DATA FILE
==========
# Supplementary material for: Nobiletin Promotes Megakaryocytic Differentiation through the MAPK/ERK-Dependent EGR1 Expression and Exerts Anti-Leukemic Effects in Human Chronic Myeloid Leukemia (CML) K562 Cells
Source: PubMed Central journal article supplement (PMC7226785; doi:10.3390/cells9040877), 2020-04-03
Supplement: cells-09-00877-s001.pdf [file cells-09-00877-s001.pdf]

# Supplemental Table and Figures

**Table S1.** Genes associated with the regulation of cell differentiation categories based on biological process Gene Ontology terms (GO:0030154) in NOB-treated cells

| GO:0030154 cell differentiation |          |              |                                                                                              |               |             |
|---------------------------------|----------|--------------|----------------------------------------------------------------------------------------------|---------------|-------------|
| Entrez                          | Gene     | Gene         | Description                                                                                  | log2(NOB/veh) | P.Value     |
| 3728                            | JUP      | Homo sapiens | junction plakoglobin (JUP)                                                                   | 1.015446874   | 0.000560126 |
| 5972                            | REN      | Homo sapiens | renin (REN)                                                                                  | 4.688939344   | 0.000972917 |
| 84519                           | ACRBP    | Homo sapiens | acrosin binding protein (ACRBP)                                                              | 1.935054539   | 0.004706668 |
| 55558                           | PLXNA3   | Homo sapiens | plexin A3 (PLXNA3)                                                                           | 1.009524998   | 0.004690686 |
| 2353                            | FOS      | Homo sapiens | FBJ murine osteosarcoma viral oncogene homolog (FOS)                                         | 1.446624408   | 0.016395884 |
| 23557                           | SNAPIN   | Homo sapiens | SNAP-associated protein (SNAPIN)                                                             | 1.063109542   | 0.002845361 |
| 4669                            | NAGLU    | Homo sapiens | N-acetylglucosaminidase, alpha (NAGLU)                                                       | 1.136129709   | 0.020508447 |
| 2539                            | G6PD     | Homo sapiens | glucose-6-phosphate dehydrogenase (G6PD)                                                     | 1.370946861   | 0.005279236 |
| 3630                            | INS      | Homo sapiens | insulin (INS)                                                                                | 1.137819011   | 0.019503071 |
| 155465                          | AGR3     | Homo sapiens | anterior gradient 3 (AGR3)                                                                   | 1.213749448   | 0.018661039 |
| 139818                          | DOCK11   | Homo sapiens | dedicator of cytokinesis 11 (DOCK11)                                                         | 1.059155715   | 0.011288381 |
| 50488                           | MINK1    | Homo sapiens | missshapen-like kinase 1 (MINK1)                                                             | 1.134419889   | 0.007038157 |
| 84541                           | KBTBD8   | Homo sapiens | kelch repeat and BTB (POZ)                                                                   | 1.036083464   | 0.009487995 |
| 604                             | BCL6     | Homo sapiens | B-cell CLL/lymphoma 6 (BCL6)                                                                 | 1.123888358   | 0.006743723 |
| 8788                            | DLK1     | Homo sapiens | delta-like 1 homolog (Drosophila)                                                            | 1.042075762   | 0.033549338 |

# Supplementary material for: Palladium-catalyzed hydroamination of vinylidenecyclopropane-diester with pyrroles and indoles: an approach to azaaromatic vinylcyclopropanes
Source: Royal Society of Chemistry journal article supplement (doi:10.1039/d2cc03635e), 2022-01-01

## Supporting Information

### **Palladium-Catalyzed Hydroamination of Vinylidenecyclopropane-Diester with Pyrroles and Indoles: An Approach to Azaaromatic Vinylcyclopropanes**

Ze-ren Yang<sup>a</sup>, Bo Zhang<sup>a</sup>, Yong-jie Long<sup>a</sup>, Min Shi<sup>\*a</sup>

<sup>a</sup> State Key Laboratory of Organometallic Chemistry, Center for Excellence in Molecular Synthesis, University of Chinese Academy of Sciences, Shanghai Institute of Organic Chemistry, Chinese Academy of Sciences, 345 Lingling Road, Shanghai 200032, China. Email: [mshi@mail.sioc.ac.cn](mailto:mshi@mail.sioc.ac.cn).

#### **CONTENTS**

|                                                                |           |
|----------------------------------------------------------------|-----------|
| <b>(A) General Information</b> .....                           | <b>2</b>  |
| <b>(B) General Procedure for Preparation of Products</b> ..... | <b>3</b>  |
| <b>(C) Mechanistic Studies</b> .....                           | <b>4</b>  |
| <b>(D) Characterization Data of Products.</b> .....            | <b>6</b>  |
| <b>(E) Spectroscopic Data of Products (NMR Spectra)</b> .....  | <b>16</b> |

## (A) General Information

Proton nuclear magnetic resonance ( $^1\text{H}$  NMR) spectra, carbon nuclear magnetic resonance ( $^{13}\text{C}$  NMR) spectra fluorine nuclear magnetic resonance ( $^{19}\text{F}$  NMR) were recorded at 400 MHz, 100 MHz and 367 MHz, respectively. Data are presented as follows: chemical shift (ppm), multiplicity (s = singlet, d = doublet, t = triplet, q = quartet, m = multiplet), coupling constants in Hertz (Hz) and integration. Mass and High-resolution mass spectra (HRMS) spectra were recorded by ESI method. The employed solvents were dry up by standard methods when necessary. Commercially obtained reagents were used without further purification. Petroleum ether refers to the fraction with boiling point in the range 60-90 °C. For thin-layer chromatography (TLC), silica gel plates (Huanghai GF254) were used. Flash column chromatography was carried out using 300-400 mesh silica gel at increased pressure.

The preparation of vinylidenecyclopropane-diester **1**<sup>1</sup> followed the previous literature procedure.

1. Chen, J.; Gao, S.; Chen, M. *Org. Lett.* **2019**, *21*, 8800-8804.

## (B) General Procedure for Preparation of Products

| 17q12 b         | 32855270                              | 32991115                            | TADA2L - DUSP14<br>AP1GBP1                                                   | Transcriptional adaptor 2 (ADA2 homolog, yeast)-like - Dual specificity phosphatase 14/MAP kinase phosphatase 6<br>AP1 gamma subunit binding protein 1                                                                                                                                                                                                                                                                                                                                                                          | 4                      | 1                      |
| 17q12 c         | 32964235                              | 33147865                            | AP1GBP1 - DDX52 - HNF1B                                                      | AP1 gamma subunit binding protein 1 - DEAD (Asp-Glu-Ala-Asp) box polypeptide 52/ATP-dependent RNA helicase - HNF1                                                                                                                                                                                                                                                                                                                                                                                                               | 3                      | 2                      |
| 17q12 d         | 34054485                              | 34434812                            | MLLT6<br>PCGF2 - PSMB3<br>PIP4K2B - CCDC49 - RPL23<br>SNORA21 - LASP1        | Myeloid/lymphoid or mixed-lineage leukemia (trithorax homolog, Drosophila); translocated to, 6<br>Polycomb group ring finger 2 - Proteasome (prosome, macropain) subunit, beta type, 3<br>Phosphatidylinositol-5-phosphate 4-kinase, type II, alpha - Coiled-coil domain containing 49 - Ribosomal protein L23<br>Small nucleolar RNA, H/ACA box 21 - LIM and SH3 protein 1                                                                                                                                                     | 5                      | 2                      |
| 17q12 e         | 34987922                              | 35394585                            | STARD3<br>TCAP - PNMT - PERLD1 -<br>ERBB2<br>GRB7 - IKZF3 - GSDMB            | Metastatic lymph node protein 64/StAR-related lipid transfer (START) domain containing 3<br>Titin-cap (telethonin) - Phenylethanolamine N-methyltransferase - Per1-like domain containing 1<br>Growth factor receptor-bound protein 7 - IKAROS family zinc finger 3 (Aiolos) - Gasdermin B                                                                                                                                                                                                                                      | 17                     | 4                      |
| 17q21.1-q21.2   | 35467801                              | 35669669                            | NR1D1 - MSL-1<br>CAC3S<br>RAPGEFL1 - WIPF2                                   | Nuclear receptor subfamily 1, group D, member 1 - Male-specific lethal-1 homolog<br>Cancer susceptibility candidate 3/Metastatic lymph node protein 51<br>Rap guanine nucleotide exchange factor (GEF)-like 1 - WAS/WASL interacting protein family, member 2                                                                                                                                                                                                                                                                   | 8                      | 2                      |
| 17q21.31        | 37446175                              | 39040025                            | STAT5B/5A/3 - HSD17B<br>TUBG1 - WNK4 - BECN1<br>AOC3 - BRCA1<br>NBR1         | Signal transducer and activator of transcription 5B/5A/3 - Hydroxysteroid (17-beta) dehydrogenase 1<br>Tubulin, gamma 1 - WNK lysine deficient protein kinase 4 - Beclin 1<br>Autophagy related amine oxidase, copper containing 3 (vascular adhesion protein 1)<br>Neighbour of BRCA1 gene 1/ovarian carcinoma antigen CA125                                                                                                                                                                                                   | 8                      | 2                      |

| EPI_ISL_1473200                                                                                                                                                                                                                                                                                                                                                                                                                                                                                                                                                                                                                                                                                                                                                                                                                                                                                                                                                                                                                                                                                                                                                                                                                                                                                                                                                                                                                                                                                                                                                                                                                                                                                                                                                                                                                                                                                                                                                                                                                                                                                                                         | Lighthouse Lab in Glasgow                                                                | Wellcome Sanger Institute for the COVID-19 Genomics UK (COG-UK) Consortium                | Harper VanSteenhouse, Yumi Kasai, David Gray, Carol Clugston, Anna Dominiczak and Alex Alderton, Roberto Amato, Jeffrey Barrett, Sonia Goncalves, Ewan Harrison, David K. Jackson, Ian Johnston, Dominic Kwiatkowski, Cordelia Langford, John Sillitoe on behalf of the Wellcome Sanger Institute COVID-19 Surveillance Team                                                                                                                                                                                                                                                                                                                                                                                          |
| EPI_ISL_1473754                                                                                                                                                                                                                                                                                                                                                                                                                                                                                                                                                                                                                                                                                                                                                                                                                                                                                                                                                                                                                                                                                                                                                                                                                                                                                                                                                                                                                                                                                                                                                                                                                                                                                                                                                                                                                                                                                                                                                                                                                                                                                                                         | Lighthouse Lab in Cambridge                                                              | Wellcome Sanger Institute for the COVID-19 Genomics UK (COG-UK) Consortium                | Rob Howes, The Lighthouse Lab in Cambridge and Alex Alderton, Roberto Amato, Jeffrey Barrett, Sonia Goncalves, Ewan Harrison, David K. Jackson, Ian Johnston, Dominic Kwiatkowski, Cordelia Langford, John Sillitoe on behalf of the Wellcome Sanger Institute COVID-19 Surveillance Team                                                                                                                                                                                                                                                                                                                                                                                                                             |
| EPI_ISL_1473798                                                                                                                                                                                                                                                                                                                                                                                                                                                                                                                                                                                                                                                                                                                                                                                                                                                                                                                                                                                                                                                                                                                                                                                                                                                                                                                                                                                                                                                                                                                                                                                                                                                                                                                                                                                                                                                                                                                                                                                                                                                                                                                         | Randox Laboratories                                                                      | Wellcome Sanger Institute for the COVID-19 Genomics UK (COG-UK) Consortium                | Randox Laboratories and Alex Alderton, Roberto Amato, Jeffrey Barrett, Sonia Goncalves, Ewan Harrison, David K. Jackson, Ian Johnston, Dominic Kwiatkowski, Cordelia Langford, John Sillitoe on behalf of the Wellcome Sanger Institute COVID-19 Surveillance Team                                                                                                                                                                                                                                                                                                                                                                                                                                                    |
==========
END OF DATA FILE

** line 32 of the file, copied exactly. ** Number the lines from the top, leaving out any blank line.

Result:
|----------------------------------------------------------------|-----------|